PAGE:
Child ADHD versus ADD
Attention Deficit Hyperactivity Disorder and Attention Deficit Disorder are both brain-based conditions that affect people’s ability to stay focused on things like schoolwork, social interactions and everyday activities like brushing teeth and getting dressed.
The biggest difference between ADD and ADHD is that kids with ADHD are hyperactive. They have trouble sitting still and might be so restless that teachers quickly notice their rambunctious behavior and suspect there might be attention issues involved. On the other hand, kids with ADD might fly under the radar because they aren’t bursting with energy and disrupting the classroom. Instead, they often appear shy, daydreamy or off in their own world.
Technically, ADD is one of three subtypes of ADHD. The term ADD is still used by many parents and teachers. But since 1994, doctors have been calling it by its formal name: ADHD, Predominantly Inattentive Type. The other two subtypes are ADHD, Predominantly Hyperactive-Impulsive Type, and ADHD, Combined Type, which involves both hyperactive-impulsive and inattentive symptoms.
Kids with the inattentive type of ADHD may have trouble finishing tasks or following directions. They tend to be sluggish and slow to respond and process information. It’s often difficult for them to sift through relevant and irrelevant information. They may be easily distracted and appear forgetful or careless.
Symptoms of the inattentive type of ADHD are less noticeable compared to symptoms of hyperactivity and impulsivity. Unfortunately, as a result, many individuals with the predominantly inattentive subtype of ADHD are often overlooked.
Over the years, I’ve heard many parents and say they had trouble figuring out whether their child had attention issues or was just being stubborn and tuning out Mom or Dad. It can be very frustrating, for instance, to tell your child to go brush his teeth and put on his pajamas and then, 15 minutes later, find him playing with Star Wars figurines and neither of the things you asked him to do have been done.
It may seem as if kids with ADD aren’t listening to their parents, but the reality is that often these kids may be listening intently to everything. They just can’t filter out nonessential information in order to focus on any one thing. While this is frustrating for parents and teachers, remember that it is equally frustrating for your child and not a willful act on his part.
Forgetfulness; failure to complete tasks, chores or school work; quick temper; rapid mood changes; day dreaming; seeming not to listen; distraction; difficulty sitting still; impulsiveness/acting without thinking of the consequences; changing the subject mid conversation; speaking out of turn; etc. are all possible symptoms of ADHD/ADD.
Why find out if it is ADHD/ADD?
It is very important to find out if your child has ADHD/ADD so that you can be sure that you, your family and your child's teachers are not punishing your child for the way his or her brain is wired by punishing the symptoms of ADHD/ADD which can led to unnecessary low self-esteem, depression, anxiety, eating disorders, frustration, self-harm, drug use and withdrawn behaviors.
Does that mean my child will need medication?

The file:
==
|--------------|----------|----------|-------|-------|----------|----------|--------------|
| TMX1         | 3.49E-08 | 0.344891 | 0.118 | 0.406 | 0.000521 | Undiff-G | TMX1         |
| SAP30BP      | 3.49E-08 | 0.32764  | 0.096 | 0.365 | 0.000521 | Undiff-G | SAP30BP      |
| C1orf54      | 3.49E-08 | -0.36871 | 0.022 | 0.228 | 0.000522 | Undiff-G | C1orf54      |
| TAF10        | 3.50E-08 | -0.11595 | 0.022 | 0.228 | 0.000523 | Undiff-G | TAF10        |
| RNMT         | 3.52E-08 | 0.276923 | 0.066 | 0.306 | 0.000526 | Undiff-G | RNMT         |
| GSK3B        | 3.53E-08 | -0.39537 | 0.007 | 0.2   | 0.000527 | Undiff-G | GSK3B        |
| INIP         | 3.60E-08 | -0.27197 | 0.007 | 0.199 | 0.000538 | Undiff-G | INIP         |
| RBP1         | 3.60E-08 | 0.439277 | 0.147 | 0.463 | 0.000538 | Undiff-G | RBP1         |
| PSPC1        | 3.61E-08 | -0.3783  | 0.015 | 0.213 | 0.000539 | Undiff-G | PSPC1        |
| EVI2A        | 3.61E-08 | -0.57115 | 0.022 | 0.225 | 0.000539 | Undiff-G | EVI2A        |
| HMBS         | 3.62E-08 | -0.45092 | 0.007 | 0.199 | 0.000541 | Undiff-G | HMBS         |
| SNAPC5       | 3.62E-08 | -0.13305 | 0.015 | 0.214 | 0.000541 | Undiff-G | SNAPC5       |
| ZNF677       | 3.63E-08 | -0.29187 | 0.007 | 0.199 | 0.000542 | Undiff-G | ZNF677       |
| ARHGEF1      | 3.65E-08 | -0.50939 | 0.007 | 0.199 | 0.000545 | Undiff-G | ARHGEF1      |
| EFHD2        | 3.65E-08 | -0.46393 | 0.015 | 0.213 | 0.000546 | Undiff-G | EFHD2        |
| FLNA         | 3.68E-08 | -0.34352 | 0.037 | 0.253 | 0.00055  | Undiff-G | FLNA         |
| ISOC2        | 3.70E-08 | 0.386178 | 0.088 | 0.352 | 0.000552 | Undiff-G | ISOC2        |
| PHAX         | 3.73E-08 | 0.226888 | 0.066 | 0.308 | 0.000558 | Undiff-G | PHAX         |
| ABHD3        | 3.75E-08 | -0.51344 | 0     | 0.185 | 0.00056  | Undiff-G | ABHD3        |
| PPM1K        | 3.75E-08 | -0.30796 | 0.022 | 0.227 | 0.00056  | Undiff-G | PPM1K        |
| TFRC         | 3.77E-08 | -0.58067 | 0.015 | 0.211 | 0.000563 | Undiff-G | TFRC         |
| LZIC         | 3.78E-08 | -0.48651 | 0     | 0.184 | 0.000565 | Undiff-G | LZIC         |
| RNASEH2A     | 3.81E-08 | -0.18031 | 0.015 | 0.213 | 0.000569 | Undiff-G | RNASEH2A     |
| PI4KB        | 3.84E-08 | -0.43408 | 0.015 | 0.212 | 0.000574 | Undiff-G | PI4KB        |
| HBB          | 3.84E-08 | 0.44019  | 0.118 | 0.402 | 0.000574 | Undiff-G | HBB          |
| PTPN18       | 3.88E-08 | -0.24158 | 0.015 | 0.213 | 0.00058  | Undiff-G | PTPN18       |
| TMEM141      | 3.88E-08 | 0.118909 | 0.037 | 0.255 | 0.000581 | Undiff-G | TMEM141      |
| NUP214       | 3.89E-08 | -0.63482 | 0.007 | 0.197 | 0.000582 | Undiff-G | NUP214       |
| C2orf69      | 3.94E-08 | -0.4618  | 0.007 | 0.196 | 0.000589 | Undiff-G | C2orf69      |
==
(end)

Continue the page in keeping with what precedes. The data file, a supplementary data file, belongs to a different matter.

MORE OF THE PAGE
No, not necessarily. Often certain dietary supplements can help if there is a deficit in the diet; there are behavior plans to motivate better behaviors; organizational skills training; time management training; and your child may qualify for an IEP or 504 plan which would put in place certain accommodations at school to assist with your child's academic success. It can make or break a student's academic career when teachers and the administration know what they are dealing with, rather than presuming a student is just not applying himself. Overall, it is helpful to understand your child's wiring and whether or not he or she is intentionally defiant; or whether he or she is genuinely struggling to discriminate relevant information from the distraction of everyday life.
Is it a disorder?
Technically, ADHD is considered a diagnosis in the DSM-V (psychiatric diagnostic manual) and can be treated with psycho-stimulants with certain success. However, this type of brain wiring has served many cultures, careers and people and can definitely be an asset in the right setting. Though, it may make it much more difficult to sit at a desk for 7-11 hours per day; ADHD can certainly be beneficial in certain healthcare careers, military and combat careers, fire fighting, travel/sales position, hunting, agriculture, teaching, and sports, etc. In fact, it is hypothesized that many brilliant people probably had ADHD including Leonardo DaVinci, one of the greatest minds of all time.
Nicole Story, M.Ed, Ed.S, LMFT, LMHC is a psychotherapist with dual licenses in Marriage and Family Therapy (LMFT) and Mental Health Counseling (LMHC).
She has Master's and Post Master's degrees (equivalent to a Doctorate of Psychology) from the University of Florida and has been evaluating, diagnosing and counseling children and their parents for over 15 years in private practice and community settings including: Hope Haven Children and Family Clinic; Child Guidance Center; Meridian Behavioral Healthcare - Gainesville; The Beaches Resource Center; and as the Clinical Director at a 30 bed adolescent inpatient program.
She is an active member of the Florida Association for Infant Mental Health/FAIMH and the American Psychological Association/APA.
She also trains and supervises clinical staff at the Youth Crisis Center; Camelot Community Care; Family Foundations; Breakthroughs; the Naval Hospital; River Region; the VA; and several private practices.